COVID-19

BCers Accessing Mental Health Resources in Record Numbers

Stresses of COVID-19 have caused a 100% increase in mental health referrals in some cases

By Sean Craig
June 3, 2020
COVID-19

BCers Accessing Mental Health Resources in Record Numbers

Stresses of COVID-19 have caused a 100% increase in mental health referrals in some cases

By Sean Craig
Jun 3, 2020
Photo for The Capital by James MacDonald
COVID-19

BCers Accessing Mental Health Resources in Record Numbers

Stresses of COVID-19 have caused a 100% increase in mental health referrals in some cases

By Sean Craig
June 3, 2020
BCers Accessing Mental Health Resources in Record Numbers
Photo for The Capital by James MacDonald

The COVID-19 pandemic has seen British Columbians access mental health tools in record numbers, which experts say is a sign the province will require a sustained effort to address an increase in depression and anxiety.

Jonny Morris, the CEO of the Canadian Mental Health Association’s BC Division, said BounceBack — a CMHA program for mild to moderate depression and anxiety that has been completed by over 11,000 people since it launched in 2016 —  has seen a one hundred per cent increase in referrals so far this year.

He also said the Interior Crisis Line Network, a crisis de-escalation and suicide prevention phone and chat service in the Interior Region, has received a 30 per cent increase in call volumes. Last year, the service fielded about 23,000 calls.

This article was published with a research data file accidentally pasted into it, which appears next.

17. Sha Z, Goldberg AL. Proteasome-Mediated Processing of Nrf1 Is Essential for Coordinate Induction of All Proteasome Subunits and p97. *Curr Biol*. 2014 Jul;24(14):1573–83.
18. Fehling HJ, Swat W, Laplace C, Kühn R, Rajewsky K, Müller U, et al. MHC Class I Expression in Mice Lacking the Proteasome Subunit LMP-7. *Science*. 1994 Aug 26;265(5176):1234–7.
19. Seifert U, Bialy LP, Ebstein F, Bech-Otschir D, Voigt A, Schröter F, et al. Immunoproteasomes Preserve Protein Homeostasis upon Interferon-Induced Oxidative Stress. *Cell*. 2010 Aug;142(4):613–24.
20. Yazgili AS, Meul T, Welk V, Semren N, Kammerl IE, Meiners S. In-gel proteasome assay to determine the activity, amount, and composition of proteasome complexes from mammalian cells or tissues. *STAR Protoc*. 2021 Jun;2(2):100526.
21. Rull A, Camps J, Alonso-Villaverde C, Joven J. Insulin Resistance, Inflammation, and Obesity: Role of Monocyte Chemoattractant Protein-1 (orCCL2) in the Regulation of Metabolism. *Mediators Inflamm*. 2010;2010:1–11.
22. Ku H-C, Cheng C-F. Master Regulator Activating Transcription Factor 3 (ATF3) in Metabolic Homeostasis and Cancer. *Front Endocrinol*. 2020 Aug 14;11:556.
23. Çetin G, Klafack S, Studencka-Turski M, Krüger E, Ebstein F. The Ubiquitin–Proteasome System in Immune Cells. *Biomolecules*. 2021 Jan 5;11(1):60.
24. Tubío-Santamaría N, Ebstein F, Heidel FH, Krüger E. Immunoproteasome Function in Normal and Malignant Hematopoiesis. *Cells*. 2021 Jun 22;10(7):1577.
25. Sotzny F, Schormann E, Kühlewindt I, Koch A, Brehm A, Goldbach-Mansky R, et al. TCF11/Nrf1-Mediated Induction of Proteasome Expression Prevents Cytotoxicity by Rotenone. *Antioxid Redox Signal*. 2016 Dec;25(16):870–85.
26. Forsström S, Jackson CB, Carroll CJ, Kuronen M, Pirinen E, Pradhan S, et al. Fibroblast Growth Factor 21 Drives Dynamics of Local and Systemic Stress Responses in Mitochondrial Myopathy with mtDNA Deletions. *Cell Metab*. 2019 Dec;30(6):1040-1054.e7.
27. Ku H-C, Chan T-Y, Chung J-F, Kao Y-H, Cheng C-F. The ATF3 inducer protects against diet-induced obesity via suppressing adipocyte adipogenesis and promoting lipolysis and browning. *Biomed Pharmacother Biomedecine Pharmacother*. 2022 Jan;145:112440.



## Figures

While the B.C government announced in April that it would put $5 million towards expanding mental health programs, including BounceBack, to deal with mental health during COVID-19, Morris said the province still has a long way to go.

“Pre-COVID, the mental health and addiction system in B.C. was not was not functioning optimally,” he said, in an interview. “It's been needing significant investment for some time. We're not even talking about a broken system, because that would imply that there is a system to be fixed.”

In a 2016 report, the province’s former auditor general Carol Bellringer said B.C. suffers from a lack of province-wide standards, a shortage of community services and inconsistent access to mental health and addiction treatment.

“We had a pre-existing public health crisis in British Columbia with the opioid epidemic, and the latest coroner’s report numbers show that has continued and needs greater resources and coordination,” added Morris.

The latest figures from the B.C. Coroners Service reporter 117 illicit drug toxicity deaths in B.C. in April, a 39 per cent increase from April 2019.

“Right now, we're in a place where mental health needs, I think, are growing — and I stop short of saying that we're into another catastrophe because we don't know what's on the horizon —  but I think we do need to keep an eye on suicide prevention,” sad Morris.

An April survey by Mental Health Research Canada found a 15 per cent increase in high anxiety levels among British Columbians during the COVID-19 outbreak, while about half of Canadians told an Angus Reid Institute survey their mental health has gotten worse. 

“I think there's going to be a fallout after things settle down,” said Andree Hurl, a clinical counselor who practices in Victoria and Duncan.  “I think people are going to find they’re still left with the trauma of what's happening and the underlying fear of the pandemic — which has some people operating in survival mode.”

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